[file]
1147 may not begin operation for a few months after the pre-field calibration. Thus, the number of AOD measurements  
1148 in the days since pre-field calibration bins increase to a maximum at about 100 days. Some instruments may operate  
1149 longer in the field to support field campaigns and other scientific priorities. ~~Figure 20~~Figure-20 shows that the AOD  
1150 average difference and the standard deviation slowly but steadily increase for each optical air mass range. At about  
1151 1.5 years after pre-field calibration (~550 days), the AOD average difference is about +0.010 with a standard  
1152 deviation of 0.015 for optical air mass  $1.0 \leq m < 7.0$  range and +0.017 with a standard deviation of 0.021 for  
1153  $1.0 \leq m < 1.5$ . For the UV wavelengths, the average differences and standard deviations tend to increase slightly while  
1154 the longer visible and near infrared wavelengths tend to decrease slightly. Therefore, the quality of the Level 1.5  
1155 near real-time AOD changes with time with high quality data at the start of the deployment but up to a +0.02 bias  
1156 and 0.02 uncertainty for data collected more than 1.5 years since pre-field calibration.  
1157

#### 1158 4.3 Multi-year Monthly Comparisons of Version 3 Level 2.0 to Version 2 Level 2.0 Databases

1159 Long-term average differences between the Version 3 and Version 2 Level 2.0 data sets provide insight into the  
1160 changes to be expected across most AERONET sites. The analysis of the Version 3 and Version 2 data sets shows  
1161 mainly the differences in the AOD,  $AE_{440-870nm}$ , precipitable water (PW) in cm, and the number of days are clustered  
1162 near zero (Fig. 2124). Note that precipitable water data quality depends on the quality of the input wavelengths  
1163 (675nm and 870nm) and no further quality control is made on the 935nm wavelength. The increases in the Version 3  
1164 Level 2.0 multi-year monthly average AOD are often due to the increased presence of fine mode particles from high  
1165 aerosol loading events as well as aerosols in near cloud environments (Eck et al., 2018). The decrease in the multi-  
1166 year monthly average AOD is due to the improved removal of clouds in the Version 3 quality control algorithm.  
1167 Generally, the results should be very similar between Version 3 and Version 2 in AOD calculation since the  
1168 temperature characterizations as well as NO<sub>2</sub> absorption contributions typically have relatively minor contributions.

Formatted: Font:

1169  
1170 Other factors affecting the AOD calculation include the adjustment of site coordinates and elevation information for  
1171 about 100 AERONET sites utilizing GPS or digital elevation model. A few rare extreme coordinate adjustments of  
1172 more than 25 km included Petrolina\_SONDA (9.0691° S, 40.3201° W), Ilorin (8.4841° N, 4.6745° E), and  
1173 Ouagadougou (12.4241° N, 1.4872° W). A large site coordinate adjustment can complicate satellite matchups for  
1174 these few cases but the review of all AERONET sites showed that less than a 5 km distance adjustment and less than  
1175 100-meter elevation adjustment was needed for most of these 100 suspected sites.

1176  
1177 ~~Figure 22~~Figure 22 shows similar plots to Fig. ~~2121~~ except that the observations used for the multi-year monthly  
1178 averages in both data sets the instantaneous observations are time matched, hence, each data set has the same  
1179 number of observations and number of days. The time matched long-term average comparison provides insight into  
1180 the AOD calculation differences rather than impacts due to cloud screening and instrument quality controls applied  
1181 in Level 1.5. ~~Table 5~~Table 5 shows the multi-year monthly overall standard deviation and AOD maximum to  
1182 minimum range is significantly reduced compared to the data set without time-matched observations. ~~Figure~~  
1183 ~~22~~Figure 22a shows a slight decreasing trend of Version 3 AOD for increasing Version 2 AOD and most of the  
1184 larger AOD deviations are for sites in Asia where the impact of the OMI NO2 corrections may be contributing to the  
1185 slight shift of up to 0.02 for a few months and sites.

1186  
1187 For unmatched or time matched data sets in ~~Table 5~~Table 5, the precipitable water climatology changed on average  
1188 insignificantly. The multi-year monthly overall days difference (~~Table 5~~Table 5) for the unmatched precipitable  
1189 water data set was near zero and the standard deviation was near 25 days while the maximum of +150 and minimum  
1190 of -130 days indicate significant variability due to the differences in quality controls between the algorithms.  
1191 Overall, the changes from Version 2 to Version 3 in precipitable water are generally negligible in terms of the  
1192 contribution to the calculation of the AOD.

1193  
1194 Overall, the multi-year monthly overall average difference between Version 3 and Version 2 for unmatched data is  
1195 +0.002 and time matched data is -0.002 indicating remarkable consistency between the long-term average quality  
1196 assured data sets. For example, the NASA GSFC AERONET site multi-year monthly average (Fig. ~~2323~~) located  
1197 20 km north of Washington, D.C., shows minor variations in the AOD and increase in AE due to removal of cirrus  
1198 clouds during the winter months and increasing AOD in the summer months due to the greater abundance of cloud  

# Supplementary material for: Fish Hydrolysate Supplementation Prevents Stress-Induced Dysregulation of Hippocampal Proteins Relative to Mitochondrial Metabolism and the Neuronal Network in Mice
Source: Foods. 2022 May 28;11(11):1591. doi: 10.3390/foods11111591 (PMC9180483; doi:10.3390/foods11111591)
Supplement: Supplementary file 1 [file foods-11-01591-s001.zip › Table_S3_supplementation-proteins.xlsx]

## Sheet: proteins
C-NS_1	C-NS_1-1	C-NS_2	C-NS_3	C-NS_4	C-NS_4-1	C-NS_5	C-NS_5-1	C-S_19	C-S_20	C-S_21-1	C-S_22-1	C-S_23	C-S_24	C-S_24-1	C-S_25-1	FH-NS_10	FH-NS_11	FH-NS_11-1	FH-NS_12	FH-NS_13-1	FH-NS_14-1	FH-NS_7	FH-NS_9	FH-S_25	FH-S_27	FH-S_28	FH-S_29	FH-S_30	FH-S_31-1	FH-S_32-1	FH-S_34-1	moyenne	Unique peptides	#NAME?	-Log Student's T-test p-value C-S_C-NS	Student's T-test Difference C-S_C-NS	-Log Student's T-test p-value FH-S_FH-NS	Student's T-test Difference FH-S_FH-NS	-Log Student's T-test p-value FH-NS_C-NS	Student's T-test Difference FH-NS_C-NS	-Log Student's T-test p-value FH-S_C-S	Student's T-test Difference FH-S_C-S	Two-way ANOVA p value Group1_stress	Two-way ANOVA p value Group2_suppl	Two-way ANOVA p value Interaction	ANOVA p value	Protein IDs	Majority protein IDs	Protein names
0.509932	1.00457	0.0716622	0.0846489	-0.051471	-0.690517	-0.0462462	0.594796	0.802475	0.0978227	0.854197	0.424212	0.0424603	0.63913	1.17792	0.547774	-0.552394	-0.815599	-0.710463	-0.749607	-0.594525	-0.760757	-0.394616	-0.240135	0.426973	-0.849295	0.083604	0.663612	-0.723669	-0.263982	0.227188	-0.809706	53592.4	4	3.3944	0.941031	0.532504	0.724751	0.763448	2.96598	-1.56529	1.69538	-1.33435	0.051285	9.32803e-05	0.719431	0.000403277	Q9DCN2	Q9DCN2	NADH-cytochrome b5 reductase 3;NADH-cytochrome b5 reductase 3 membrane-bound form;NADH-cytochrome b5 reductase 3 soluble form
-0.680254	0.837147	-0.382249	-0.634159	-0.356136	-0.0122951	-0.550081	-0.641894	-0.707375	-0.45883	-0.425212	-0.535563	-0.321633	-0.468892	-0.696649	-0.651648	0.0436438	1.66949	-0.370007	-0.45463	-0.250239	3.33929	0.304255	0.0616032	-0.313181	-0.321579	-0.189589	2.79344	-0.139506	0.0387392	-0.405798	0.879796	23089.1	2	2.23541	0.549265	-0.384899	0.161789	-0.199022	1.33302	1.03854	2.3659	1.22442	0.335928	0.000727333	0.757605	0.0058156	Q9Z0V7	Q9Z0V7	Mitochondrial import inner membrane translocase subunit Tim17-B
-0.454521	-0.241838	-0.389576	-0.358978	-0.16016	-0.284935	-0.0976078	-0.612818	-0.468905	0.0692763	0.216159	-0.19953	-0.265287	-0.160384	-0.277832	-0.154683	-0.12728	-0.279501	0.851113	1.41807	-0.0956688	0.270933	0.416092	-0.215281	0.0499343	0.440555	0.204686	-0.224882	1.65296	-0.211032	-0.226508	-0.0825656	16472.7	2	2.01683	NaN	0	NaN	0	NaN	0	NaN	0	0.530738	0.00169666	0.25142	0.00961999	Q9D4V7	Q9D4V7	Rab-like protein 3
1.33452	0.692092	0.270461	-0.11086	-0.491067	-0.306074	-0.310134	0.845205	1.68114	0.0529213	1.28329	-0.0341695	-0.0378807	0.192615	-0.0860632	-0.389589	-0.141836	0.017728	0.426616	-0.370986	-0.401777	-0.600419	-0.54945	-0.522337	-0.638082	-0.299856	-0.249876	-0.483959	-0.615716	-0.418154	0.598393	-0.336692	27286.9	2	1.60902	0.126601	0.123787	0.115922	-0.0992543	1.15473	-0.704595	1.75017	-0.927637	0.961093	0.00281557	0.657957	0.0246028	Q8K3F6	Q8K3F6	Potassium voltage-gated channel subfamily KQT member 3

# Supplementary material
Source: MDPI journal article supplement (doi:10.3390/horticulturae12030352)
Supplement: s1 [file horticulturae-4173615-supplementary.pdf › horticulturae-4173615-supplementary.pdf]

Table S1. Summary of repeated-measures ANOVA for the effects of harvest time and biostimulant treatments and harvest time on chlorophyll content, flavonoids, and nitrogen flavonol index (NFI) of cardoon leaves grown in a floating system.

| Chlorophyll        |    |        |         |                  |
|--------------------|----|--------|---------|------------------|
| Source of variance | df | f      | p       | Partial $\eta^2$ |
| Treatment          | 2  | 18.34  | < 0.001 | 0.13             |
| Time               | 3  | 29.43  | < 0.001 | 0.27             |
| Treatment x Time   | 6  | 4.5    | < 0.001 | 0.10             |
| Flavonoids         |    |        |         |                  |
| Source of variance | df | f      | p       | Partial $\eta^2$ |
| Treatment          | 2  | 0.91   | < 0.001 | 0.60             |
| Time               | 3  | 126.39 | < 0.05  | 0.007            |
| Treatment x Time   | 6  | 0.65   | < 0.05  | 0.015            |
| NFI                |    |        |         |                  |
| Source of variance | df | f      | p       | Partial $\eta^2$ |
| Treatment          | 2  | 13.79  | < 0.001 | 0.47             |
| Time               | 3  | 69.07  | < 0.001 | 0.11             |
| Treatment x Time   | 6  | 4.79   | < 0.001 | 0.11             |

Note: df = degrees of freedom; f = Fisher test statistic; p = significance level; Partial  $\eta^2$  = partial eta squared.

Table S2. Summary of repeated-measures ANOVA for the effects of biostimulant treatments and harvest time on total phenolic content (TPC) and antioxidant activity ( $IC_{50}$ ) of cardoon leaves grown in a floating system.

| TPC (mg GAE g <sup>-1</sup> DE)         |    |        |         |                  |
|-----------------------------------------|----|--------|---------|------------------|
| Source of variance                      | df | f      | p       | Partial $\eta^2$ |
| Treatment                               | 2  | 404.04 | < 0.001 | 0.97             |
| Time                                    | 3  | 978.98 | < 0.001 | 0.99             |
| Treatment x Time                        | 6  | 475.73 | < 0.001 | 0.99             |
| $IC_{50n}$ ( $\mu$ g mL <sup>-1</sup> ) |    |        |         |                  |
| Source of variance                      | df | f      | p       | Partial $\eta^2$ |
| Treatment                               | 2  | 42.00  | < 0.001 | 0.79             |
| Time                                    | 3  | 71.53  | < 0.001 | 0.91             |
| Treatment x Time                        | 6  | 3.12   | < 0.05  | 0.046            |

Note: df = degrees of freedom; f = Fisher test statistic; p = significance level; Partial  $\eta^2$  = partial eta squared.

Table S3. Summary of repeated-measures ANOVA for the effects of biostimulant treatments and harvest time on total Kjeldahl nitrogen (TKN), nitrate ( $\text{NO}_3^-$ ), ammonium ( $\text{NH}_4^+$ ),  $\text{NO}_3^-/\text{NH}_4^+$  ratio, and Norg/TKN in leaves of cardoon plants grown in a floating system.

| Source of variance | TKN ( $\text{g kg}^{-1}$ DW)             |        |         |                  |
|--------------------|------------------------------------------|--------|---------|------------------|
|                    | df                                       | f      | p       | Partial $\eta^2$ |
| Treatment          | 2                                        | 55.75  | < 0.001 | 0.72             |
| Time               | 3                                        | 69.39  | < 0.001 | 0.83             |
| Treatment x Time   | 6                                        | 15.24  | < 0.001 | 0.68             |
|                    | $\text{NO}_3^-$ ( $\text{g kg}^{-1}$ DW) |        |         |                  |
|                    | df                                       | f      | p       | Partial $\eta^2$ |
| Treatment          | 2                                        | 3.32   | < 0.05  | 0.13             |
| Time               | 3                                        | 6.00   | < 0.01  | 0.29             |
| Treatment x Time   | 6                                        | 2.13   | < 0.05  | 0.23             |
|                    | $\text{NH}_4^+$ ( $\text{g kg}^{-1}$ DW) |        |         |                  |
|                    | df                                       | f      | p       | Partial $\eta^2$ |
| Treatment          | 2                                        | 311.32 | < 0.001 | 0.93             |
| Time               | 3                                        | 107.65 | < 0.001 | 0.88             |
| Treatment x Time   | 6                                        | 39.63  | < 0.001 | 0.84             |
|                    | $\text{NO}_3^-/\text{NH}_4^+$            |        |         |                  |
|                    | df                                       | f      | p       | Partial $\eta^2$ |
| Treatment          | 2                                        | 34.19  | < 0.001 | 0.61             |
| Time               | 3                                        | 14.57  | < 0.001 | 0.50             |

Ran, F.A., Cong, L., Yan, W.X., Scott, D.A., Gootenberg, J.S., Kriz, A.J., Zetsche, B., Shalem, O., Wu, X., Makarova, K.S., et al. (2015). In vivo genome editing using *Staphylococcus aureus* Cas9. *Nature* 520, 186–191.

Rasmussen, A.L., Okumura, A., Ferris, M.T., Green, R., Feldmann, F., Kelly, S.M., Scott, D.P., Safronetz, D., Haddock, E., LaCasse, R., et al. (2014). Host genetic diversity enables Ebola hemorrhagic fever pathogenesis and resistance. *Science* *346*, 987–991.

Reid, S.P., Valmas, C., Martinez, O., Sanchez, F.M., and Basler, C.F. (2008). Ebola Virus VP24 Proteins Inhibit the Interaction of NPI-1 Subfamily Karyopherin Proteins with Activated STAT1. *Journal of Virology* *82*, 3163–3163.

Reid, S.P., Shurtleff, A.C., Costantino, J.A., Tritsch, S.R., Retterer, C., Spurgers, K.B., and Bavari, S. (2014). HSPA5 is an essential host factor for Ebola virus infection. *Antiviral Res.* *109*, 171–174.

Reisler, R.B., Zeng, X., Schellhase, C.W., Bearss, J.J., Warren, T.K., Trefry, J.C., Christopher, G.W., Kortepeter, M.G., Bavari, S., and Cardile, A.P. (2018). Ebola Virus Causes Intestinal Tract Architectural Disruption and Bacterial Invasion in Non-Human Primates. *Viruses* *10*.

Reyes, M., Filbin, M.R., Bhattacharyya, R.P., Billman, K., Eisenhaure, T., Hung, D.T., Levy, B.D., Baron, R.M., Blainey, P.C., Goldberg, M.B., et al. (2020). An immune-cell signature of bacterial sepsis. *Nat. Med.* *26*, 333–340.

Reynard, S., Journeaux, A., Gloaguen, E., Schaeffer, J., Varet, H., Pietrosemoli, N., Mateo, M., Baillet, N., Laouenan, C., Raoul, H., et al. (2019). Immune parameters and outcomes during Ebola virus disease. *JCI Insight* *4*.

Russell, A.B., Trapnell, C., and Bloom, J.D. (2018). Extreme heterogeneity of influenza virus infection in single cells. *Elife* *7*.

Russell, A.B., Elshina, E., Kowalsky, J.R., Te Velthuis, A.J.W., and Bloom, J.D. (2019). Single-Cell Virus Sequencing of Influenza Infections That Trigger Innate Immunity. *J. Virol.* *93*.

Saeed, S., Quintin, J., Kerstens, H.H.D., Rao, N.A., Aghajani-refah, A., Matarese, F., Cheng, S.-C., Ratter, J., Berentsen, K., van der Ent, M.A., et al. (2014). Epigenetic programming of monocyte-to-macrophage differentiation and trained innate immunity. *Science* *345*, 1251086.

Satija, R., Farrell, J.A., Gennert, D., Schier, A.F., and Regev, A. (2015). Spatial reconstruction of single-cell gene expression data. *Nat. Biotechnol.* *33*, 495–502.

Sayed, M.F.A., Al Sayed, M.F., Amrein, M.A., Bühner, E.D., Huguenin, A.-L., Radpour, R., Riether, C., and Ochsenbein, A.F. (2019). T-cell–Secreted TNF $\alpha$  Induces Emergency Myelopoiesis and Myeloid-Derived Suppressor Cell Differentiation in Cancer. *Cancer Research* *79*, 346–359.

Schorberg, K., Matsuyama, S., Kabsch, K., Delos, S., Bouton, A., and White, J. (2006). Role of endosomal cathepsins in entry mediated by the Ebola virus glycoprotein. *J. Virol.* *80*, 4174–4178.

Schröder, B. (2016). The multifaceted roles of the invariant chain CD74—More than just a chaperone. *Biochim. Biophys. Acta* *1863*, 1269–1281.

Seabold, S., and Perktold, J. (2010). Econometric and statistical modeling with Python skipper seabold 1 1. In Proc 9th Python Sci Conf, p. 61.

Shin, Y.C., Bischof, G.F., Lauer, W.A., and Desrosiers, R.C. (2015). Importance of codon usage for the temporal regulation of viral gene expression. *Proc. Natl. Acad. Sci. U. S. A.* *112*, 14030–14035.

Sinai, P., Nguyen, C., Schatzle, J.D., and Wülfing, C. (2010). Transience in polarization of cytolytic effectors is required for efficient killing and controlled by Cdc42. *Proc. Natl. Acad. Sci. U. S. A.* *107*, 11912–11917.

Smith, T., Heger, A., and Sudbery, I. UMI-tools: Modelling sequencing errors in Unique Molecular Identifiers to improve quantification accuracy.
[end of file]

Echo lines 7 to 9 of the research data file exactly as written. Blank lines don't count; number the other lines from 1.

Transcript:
1153  $1.0 \leq m < 1.5$ . For the UV wavelengths, the average differences and standard deviations tend to increase slightly while  
1154 the longer visible and near infrared wavelengths tend to decrease slightly. Therefore, the quality of the Level 1.5  
1155 near real-time AOD changes with time with high quality data at the start of the deployment but up to a +0.02 bias  